Bank executives, Pérez noted, are waking up to this reality. They understand the experience they want to offer, they see the FinTech partnerships they’d like to make and they are running up against a reality where they often can’t do what they want to do with a single approach. They want to do things like aggregate consumer data across channels or enter collaboration models with other players, but they find their legacy systems just “can’t connect the multiple systems needed to provide services in a unified way.”
Just pointing them vaguely in the direction of a “Banking-as-a-Service platform” isn’t really helpful because the definition of that term varies quite widely, depending on where one is saying it. The term means something different in Europe, the U.S. and Latin America, Pérez said, “and then regulators in any of those places may use the term differently still.”
NovoPayment, she noted, uses the term to describe its modular approach, offering flexible delivery models from an end-to-end open platform that can “provide the complete full stack of a modern open bank, without being a bank,” down to consumable APIs. She noted that Legos are often used as a metaphor for APIs — how they work in financial services as little pieces that institutions can use to build complete sets of service offerings. Pérez believes it is a good metaphor, but noted that it often overlooks a reality: Lego sets come with instruction manuals that tell the users how to build a set. Without those manuals, one could have a messy pile of Legos and not a lot of direction.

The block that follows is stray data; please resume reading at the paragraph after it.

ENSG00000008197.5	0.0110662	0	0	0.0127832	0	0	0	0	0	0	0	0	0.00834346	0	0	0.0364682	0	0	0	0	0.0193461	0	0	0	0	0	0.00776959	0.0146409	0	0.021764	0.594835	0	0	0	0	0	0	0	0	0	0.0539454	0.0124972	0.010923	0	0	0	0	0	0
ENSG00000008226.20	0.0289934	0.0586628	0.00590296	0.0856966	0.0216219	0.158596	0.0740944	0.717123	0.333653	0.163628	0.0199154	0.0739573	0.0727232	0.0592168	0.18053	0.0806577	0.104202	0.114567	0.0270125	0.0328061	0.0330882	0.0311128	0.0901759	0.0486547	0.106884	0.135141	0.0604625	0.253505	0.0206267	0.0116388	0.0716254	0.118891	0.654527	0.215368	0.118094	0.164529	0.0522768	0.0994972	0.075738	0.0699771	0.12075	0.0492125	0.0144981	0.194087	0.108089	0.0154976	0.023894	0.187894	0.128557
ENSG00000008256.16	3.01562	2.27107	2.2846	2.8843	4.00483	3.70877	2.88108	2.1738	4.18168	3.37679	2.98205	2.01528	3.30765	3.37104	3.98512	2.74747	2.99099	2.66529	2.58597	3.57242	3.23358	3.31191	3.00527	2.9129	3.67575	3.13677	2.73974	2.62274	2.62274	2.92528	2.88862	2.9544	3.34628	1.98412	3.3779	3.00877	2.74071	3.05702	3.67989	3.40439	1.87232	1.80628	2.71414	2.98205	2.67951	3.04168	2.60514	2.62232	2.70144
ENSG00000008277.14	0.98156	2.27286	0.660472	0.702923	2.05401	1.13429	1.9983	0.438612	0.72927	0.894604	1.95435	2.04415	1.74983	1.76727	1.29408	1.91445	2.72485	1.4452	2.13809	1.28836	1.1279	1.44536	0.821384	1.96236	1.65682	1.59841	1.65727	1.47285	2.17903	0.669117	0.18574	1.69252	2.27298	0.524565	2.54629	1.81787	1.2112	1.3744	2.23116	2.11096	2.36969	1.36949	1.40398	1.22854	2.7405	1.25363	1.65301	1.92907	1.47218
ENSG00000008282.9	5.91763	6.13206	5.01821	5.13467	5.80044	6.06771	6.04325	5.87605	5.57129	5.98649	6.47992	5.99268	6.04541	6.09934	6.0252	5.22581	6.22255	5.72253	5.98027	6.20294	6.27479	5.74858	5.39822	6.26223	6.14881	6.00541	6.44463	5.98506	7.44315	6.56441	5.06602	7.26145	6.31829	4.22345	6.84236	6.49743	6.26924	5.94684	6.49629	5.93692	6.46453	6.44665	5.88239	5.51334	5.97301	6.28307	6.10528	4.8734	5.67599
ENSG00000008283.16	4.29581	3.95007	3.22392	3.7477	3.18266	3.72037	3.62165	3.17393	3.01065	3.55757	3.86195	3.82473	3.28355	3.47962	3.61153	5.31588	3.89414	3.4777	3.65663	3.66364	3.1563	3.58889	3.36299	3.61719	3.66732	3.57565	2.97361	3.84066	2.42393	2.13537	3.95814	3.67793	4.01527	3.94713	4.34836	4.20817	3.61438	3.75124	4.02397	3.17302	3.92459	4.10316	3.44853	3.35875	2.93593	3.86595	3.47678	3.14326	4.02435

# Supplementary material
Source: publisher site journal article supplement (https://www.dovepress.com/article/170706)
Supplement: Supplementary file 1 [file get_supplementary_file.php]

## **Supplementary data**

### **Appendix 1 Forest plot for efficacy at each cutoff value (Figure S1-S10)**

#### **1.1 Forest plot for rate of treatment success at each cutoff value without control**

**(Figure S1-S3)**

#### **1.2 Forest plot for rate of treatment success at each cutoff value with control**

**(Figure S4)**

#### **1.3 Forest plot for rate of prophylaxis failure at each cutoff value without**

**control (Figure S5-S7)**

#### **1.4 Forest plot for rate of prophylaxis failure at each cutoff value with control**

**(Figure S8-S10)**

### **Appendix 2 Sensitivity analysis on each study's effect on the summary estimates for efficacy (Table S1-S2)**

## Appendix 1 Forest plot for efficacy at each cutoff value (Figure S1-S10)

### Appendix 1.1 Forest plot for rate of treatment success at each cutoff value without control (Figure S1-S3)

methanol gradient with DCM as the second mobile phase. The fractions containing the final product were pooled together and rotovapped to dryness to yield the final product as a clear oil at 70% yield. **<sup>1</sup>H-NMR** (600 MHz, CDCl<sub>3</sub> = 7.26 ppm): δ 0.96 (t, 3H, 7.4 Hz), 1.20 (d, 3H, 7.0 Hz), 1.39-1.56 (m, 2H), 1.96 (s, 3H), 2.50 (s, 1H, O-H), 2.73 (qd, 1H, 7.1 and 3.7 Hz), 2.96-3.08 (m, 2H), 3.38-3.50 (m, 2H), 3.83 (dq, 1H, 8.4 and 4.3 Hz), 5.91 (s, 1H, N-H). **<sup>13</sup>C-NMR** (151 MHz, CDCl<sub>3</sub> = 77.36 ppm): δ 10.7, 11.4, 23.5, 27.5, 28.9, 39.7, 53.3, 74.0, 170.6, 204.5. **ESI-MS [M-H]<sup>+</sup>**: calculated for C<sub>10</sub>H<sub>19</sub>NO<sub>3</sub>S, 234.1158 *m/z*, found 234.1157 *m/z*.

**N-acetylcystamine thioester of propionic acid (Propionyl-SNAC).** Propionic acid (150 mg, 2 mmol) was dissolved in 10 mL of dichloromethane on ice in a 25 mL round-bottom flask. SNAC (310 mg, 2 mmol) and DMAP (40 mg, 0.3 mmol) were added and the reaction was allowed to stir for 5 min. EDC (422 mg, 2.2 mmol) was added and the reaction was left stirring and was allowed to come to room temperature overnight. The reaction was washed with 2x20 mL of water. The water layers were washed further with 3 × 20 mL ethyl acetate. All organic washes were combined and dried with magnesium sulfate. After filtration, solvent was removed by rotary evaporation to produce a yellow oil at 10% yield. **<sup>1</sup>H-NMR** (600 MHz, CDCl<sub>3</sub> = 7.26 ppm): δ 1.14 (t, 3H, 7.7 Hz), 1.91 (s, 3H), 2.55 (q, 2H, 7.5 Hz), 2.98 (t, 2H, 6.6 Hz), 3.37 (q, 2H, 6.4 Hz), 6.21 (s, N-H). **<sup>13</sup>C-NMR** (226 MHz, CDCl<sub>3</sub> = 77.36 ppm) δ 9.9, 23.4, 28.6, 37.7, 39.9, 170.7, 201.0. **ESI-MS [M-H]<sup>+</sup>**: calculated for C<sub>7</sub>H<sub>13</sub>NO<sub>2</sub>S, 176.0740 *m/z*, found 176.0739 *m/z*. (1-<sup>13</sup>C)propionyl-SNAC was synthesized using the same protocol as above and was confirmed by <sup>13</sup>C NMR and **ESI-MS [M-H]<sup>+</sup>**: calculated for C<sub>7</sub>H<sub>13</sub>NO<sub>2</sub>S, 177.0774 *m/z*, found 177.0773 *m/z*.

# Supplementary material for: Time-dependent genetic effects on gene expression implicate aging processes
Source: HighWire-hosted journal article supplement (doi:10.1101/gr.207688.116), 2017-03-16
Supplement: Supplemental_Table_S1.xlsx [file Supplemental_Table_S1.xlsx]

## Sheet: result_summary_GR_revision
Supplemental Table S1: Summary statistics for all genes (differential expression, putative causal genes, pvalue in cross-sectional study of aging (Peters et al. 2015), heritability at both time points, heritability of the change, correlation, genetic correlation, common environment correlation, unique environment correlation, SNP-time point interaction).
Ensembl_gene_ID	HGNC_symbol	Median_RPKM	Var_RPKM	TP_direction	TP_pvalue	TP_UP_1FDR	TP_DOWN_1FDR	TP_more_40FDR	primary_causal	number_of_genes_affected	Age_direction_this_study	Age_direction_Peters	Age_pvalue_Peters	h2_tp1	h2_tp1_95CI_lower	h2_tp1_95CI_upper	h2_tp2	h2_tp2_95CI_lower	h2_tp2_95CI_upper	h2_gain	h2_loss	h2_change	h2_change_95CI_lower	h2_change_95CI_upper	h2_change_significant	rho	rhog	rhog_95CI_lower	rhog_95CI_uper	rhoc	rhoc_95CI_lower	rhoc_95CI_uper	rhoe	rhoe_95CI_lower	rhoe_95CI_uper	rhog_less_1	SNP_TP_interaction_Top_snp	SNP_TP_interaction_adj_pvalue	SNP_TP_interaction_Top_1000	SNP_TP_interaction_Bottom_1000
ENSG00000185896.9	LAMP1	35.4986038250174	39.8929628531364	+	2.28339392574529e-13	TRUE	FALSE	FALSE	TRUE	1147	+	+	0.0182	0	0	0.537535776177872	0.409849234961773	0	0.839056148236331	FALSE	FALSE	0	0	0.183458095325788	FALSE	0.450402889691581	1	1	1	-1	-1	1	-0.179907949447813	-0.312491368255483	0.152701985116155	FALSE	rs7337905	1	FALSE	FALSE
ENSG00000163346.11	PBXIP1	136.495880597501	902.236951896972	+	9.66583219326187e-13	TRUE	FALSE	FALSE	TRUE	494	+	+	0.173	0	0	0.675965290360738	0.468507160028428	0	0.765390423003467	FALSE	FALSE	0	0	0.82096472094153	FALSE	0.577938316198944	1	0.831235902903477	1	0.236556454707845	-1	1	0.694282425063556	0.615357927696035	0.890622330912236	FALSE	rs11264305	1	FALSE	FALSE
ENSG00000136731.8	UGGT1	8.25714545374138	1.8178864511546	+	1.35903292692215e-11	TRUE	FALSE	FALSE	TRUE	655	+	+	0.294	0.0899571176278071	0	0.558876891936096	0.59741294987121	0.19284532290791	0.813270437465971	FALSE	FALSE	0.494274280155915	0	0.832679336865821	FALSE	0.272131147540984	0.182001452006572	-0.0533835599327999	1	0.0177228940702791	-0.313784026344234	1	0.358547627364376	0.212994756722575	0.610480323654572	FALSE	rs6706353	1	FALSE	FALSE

“You may need someone to help you assemble the pieces or help you see other options,” she said.
An end-to-end BaaS solution can pull out the pieces (APIs) that its banking partner needs, and assemble them invisibly on the back end into something coherent and applicable in other places. A lot of things that pass as a BaaS platform, Pérez noted, are actually closer to third-party API networks: The pieces are there, but there is a lack of the building expertise needed to build a functionally robust back end.
It’s not always a difference that is easy to explain, Pérez told Webster, but it’s one that banks are becoming increasing receptive to understanding, as pressure mounts in the global financial services sector to keep up with rapidly innovating FinTech firms.
“We position ourselves as a FinTech, and as an enabler that allows our partners to provide a full range of services that can be configured in different ways and countries for different use cases,” she said.
It’s a complicated process that requires NovoPayment to operate a full platform stack, and to be integrated and tied into original data sources, Pérez noted. However, that’s what is necessary to enable a range of banks that may be looking for a robust front-end offering or a complete and flexible back-end to support it.
It’s about the services banks can offer their customers, she said, but also about the services they might want to offer other financial services players. That might mean banks enabling FinTech providers in a certain sector to capture all that data on money flow, she explained, but banks need to be enabled on the back end by a platform that can turn on those lights in the background, in a way that using APIs makes sense.
“Banks that sit on an Open Banking platform are better able to provide services in the way they need, in order to compete in the long run against all new participants in the financial services space,” said Pérez.